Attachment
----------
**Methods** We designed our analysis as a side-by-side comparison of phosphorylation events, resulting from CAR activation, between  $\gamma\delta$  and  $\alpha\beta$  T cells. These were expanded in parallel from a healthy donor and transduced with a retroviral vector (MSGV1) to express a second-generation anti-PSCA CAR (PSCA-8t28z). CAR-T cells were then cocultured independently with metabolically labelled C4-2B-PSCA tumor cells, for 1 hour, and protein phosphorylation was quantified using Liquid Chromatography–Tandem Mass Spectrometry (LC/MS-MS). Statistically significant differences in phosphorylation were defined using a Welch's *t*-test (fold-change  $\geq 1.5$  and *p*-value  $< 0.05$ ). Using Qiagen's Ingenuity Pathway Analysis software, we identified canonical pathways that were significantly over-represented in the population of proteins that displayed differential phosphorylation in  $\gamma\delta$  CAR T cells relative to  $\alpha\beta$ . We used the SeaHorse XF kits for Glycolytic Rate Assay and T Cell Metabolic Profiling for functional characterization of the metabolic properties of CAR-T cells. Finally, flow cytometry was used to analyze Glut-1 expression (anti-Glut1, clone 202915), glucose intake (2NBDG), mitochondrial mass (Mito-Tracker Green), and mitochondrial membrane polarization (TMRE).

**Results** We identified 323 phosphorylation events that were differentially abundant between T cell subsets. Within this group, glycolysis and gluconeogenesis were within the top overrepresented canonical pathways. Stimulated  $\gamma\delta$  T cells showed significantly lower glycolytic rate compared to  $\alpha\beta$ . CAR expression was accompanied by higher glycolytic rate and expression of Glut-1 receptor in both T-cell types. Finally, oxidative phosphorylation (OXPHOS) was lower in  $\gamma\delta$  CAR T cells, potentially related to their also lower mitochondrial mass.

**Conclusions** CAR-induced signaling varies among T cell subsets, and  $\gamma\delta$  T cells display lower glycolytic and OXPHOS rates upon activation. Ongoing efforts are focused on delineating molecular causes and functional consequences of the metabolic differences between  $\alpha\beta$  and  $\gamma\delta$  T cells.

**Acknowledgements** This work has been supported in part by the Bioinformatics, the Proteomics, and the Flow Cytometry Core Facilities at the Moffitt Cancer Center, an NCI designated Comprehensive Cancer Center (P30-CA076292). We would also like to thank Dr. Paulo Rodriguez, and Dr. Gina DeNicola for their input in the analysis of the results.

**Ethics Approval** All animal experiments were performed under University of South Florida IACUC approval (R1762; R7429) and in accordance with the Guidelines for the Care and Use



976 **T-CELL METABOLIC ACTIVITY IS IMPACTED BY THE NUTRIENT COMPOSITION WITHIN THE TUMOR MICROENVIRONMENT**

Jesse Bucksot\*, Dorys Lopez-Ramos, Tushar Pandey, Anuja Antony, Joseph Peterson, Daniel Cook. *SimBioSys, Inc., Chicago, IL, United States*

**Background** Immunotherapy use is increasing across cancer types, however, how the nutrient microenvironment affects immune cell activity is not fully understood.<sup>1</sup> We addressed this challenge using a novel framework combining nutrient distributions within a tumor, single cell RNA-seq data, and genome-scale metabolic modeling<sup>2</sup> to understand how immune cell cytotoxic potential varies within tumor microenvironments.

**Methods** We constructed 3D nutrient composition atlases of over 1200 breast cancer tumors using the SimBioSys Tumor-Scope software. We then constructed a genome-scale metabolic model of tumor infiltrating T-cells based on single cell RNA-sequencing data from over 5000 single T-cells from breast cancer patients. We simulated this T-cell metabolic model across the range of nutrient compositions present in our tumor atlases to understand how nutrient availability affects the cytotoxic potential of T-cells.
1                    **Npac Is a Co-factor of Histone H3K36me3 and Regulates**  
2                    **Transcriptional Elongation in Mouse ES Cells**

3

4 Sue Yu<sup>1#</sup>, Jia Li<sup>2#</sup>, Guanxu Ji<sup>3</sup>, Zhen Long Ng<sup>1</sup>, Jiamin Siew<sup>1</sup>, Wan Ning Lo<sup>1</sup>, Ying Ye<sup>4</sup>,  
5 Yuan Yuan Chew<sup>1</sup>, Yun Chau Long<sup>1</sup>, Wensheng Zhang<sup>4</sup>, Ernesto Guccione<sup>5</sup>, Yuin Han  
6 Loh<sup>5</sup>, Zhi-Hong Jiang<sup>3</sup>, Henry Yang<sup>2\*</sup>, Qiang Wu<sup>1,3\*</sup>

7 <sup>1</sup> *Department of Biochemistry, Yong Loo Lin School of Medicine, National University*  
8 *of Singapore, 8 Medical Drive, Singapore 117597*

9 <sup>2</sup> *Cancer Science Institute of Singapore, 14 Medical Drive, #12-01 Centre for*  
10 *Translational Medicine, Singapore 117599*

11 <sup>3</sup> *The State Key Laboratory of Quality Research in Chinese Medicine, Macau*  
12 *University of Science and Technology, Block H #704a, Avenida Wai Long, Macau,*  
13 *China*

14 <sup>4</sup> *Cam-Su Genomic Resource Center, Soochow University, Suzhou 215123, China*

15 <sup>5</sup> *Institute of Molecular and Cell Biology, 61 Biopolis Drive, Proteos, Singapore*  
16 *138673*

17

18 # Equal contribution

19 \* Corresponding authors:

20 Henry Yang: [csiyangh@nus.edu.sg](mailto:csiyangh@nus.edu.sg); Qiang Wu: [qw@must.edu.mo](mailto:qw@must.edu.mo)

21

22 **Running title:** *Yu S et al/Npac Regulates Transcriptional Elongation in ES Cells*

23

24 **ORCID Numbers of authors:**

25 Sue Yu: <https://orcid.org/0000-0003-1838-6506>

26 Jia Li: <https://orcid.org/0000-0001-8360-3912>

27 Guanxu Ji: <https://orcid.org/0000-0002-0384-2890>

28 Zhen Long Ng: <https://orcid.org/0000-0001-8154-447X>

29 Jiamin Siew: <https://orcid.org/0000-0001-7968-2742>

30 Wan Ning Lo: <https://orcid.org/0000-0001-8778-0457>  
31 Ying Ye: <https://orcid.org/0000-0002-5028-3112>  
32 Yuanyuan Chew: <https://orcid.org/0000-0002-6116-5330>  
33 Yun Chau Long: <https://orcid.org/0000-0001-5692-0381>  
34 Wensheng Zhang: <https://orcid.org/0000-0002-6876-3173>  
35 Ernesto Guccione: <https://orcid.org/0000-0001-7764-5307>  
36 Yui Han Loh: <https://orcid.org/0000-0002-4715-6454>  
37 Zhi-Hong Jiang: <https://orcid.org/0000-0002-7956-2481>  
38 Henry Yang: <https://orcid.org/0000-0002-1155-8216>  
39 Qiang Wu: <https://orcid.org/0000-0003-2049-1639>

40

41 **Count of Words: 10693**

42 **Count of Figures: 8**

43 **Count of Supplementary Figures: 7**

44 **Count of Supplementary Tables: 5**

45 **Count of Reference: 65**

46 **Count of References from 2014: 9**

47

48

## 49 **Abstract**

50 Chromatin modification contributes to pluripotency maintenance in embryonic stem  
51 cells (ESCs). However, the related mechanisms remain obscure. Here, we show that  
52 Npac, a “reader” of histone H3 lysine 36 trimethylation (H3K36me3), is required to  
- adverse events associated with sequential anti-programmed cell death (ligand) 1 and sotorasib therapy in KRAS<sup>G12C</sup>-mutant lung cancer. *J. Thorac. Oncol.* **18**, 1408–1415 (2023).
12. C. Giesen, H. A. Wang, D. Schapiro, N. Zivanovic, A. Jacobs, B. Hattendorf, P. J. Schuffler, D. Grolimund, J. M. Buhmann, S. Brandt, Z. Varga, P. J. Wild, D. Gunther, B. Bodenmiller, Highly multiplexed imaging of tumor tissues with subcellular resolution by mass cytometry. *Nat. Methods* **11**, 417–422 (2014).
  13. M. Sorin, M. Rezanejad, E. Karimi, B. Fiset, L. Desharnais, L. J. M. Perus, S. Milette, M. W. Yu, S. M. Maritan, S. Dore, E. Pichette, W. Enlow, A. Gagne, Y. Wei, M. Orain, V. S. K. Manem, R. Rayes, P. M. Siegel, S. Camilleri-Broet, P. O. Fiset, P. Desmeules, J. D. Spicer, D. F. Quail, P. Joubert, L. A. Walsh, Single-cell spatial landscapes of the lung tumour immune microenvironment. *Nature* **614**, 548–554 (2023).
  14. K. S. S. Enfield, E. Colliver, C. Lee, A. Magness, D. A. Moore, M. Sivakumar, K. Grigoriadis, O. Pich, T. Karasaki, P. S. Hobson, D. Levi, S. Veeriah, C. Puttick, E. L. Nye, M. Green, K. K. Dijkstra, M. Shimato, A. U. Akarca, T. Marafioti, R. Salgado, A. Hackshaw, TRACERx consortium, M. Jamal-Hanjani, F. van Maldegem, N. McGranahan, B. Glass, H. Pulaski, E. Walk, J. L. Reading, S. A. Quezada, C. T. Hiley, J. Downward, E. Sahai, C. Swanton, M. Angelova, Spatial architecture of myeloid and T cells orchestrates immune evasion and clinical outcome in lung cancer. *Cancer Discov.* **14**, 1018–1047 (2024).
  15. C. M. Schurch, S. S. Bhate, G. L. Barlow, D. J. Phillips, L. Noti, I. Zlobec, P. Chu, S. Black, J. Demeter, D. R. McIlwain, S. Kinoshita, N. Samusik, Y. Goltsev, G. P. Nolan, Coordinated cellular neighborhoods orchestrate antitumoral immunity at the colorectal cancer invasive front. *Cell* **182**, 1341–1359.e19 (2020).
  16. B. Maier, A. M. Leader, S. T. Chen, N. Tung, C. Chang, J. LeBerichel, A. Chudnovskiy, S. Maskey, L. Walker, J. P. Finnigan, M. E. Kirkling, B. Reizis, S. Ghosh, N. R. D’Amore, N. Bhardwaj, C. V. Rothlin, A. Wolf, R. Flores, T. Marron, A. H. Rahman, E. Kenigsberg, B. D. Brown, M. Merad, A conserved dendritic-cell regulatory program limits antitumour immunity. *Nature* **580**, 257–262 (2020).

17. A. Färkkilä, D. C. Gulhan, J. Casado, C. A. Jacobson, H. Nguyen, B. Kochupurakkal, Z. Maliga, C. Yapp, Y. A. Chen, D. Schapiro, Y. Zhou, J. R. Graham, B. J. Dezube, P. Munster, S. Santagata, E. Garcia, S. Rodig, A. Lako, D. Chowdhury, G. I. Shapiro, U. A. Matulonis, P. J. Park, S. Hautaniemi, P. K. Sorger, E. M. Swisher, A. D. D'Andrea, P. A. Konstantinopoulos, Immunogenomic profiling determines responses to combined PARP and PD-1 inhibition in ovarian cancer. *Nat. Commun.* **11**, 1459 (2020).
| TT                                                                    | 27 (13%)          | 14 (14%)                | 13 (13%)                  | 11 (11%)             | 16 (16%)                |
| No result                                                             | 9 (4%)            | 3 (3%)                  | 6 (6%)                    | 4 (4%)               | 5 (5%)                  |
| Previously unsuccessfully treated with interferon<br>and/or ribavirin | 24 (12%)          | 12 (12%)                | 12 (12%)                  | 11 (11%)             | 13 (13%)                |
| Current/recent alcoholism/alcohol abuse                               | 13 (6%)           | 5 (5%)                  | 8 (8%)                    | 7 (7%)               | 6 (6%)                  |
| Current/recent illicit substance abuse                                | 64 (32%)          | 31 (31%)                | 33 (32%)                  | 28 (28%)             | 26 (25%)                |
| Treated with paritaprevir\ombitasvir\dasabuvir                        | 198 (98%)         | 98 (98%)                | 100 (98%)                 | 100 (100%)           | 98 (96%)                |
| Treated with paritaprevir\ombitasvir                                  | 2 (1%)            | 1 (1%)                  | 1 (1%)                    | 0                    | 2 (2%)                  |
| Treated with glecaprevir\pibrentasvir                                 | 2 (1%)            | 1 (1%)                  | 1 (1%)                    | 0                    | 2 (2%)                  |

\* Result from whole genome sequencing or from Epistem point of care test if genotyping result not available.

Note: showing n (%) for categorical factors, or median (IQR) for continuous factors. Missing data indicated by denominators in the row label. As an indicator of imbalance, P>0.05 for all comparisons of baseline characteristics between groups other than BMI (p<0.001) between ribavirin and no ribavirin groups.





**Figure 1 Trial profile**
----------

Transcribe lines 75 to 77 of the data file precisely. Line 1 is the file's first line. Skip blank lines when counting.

| Treated with paritaprevir\ombitasvir                                  | 2 (1%)            | 1 (1%)                  | 1 (1%)                    | 0                    | 2 (2%)                  |
| Treated with glecaprevir\pibrentasvir                                 | 2 (1%)            | 1 (1%)                  | 1 (1%)                    | 0                    | 2 (2%)                  |

\* Result from whole genome sequencing or from Epistem point of care test if genotyping result not available.